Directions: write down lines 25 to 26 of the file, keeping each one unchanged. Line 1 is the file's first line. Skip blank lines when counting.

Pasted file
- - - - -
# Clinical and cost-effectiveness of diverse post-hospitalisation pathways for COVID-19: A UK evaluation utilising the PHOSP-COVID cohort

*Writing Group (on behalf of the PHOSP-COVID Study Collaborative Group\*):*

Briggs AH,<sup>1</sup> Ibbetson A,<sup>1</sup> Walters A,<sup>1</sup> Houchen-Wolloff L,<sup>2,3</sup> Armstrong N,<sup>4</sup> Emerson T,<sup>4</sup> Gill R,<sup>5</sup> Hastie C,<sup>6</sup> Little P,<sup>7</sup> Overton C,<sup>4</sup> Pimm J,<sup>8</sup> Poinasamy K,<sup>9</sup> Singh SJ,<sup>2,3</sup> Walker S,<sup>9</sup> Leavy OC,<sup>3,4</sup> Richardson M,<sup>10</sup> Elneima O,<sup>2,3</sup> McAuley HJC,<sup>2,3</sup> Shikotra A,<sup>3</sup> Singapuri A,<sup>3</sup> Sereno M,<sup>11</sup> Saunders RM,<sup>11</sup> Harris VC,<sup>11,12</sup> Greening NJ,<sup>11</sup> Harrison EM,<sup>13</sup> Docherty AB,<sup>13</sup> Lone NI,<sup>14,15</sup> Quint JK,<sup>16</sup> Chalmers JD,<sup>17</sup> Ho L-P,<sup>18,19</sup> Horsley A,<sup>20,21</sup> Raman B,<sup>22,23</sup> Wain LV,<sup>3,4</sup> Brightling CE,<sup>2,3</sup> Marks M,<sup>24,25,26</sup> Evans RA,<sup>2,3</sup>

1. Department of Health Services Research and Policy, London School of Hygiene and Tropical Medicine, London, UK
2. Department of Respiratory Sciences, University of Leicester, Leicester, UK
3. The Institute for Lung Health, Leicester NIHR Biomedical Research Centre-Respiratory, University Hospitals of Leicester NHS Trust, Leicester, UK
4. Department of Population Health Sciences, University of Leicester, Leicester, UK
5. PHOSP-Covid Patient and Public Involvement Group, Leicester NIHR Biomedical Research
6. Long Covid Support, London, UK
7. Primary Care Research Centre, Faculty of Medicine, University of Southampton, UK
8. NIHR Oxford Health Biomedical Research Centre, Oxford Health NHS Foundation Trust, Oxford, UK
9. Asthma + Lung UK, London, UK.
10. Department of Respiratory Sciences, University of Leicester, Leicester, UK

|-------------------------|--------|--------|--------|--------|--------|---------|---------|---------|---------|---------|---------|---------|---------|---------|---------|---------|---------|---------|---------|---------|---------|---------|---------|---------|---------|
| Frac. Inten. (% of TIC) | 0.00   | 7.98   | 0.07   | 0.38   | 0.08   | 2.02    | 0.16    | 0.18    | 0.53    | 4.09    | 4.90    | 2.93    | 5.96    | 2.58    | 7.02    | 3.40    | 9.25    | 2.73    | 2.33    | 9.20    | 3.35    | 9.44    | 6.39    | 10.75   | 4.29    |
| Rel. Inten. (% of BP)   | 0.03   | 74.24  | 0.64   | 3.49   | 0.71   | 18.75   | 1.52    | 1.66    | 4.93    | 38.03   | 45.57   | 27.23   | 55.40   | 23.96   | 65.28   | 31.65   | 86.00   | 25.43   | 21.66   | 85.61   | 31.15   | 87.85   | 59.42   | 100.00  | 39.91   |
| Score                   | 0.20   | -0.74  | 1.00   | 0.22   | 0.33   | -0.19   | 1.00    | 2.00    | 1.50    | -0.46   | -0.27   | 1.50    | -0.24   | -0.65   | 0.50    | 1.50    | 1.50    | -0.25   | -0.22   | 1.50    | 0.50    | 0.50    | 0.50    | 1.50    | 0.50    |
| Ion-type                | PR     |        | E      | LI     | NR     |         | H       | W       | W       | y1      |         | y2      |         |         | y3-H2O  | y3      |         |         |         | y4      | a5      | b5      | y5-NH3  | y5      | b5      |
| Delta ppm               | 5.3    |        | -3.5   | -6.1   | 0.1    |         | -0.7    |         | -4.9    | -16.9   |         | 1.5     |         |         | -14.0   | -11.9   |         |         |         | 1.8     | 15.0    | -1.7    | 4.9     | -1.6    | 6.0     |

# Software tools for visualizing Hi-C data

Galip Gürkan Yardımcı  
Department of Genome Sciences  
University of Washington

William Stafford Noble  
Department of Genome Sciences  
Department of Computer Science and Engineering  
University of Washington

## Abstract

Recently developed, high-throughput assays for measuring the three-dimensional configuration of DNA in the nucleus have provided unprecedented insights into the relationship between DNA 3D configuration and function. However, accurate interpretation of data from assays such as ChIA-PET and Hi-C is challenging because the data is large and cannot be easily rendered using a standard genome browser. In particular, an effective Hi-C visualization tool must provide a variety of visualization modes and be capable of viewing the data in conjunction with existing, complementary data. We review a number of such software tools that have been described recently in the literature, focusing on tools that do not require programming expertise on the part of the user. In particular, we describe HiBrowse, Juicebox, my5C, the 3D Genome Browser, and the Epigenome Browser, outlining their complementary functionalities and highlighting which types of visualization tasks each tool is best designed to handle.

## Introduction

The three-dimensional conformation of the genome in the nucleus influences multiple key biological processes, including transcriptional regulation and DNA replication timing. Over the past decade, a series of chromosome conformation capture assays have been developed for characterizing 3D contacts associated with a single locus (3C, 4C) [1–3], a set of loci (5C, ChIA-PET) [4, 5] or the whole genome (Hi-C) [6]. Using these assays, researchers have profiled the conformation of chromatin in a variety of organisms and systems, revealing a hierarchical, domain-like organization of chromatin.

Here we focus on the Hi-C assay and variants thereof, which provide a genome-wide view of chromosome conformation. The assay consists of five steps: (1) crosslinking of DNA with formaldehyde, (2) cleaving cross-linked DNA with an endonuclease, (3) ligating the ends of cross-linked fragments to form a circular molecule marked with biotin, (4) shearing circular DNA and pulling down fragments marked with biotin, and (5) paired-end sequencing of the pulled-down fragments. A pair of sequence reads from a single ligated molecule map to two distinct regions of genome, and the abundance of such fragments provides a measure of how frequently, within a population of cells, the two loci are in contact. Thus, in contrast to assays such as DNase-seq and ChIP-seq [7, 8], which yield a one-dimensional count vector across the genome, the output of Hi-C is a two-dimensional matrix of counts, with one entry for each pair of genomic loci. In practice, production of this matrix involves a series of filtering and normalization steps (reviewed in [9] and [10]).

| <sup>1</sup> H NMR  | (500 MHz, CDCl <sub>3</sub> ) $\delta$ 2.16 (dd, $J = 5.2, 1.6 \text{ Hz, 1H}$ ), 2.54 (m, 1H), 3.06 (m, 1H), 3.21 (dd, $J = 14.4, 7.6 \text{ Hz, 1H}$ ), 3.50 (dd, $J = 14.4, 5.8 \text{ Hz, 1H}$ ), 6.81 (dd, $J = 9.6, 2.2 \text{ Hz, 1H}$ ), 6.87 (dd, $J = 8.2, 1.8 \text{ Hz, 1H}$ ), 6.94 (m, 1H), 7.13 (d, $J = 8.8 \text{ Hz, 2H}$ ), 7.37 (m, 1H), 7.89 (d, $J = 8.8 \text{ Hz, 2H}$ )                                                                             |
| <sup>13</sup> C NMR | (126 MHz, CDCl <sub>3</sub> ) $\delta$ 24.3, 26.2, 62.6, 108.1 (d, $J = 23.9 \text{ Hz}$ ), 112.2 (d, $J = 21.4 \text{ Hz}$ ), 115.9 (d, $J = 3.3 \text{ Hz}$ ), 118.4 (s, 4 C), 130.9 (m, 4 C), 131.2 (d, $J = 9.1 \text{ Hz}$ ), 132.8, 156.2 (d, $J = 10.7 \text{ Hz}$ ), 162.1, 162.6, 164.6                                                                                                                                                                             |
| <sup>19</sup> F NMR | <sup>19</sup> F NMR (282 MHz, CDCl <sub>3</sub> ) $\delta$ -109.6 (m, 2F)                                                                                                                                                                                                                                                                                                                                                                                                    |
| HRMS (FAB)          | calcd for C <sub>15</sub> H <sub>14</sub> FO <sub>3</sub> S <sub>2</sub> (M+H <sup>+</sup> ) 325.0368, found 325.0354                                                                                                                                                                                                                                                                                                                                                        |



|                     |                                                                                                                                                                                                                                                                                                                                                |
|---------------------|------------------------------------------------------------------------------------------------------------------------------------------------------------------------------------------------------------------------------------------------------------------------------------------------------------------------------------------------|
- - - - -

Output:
Department of Genome Sciences  
Department of Computer Science and Engineering  